The German highest court suspended Friday a parliamentary committee's right to approve urgent actions by the Euro zone's bailout fund, potentially delaying decision-making in Europe's top economy on key moves to tackle the bloc's crisis
A spokeswoman for the Constitutional Court said it would investigate whether the planned use of a small closed-door committee of 9 German lawmakers to consider urgent matters relating to the European Financial Stability Facility (EFSF) infringed on lawmakers' rights.
The parliamentary leader of Chancellor Angela Merkel's conservative bloc, Peter Altmaier, said the suspension meant parliament's entire lower house would need to decide on urgent matters relating to the EFSF.
But he said the court's action – pending a final ruling on a complaint from two opposition lawmakers alleging the committee's powers breach Germany's basic law –would not tie the hands of either the Bundestag or the EFSF.
The German parliament will ensure that, until the main ruling, Germany's ability and the EFSF ability to act are secured, he said.
Germany has frequently been accused of dragging out its decision-making, most recently when Chancellor Angela Merkel had to obtain a mandate from parliament to negotiate on the EFSF at a summit in Brussels on Wednesday.
Lawmaker Otto Fricke, a budget expert for Merkel's junior coalition partners the Free Democrats (FDP), said the suspension of the committee made it de facto impossible for the EFSF to buy bonds in secondary markets, as such purchases must be agreed in secret. Germany's parliament cannot meet in plenary in secret.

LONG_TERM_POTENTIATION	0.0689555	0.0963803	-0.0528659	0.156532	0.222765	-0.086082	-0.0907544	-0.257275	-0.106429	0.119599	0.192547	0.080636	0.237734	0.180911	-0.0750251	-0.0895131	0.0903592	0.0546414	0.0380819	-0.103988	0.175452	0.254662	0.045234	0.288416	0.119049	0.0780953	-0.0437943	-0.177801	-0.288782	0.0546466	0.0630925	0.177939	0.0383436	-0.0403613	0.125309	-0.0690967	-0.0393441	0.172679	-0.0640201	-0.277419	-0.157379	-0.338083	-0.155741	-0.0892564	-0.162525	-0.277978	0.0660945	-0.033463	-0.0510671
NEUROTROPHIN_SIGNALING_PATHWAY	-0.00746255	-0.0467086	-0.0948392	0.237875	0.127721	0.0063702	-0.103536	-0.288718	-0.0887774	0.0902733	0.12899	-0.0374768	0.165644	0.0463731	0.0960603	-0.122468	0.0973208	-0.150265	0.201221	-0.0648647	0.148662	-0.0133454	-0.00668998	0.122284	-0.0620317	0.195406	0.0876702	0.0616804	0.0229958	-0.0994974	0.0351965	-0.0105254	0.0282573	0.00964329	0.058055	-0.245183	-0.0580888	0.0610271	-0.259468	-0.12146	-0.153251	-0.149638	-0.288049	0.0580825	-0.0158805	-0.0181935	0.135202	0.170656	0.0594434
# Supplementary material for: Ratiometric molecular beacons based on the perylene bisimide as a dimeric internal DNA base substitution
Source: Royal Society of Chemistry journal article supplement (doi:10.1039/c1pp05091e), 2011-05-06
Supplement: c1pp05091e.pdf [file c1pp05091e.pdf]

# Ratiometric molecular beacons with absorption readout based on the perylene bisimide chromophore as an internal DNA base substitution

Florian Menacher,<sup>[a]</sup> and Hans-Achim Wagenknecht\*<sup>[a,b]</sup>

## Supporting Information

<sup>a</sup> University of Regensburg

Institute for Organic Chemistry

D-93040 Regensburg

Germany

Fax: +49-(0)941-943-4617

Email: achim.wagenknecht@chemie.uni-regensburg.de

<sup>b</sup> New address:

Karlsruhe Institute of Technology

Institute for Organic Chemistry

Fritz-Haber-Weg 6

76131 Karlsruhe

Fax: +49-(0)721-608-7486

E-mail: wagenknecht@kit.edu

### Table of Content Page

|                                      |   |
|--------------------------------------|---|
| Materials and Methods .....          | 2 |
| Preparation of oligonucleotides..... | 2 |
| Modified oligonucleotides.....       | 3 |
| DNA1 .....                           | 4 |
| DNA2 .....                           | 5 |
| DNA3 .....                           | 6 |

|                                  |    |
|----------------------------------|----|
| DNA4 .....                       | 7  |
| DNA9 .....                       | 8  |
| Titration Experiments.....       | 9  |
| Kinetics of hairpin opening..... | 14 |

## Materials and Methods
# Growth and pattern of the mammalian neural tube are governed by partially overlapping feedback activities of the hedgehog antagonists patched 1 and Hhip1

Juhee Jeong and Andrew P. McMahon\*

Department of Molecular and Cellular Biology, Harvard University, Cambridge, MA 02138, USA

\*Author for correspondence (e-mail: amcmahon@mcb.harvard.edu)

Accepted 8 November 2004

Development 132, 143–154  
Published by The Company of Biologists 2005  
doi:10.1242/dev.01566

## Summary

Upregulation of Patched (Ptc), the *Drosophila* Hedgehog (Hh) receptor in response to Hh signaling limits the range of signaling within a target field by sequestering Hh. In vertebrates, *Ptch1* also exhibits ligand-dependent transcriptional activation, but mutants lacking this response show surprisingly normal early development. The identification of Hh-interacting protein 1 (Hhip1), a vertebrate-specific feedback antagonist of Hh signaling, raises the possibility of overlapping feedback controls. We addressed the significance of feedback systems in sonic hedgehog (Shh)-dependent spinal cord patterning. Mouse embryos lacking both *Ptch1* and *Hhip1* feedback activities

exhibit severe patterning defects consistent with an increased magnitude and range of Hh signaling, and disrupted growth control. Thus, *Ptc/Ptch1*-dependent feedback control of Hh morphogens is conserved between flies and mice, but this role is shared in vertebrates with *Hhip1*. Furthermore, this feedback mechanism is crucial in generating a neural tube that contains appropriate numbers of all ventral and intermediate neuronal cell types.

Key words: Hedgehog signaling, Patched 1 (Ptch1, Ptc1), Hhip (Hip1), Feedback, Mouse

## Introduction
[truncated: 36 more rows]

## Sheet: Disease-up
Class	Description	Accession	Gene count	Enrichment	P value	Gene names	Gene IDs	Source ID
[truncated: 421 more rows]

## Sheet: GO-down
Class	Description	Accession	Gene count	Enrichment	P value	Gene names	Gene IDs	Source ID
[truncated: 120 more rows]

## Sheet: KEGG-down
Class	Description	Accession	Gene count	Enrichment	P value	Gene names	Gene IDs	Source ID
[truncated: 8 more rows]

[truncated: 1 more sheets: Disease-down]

The instrument of secondary bond market purchases is as good as dead for now, he said.
A court spokeswoman said a final ruling could come by late December.
The Constitutional Court said in a statement Friday it was temporarily suspending the use of the special committee after two lawmakers lodged a complaint on Thursday.
The second senate of the Constitutional Court has decided ... that until a full decision is taken, the Bundestag's right of participation may not be replaced by the new committee, the Court said in a statement.
A ruling by the same court last month resulted in a bigger say to German lawmakers on matters involving the bailout fund, obliging the government to seek approval from parliament's 41-member budget committee or from the chamber as a whole on participation in euro zone bailouts.
Ironically the idea of using a 9-member committee came about as a way of trying to speed up decision-making.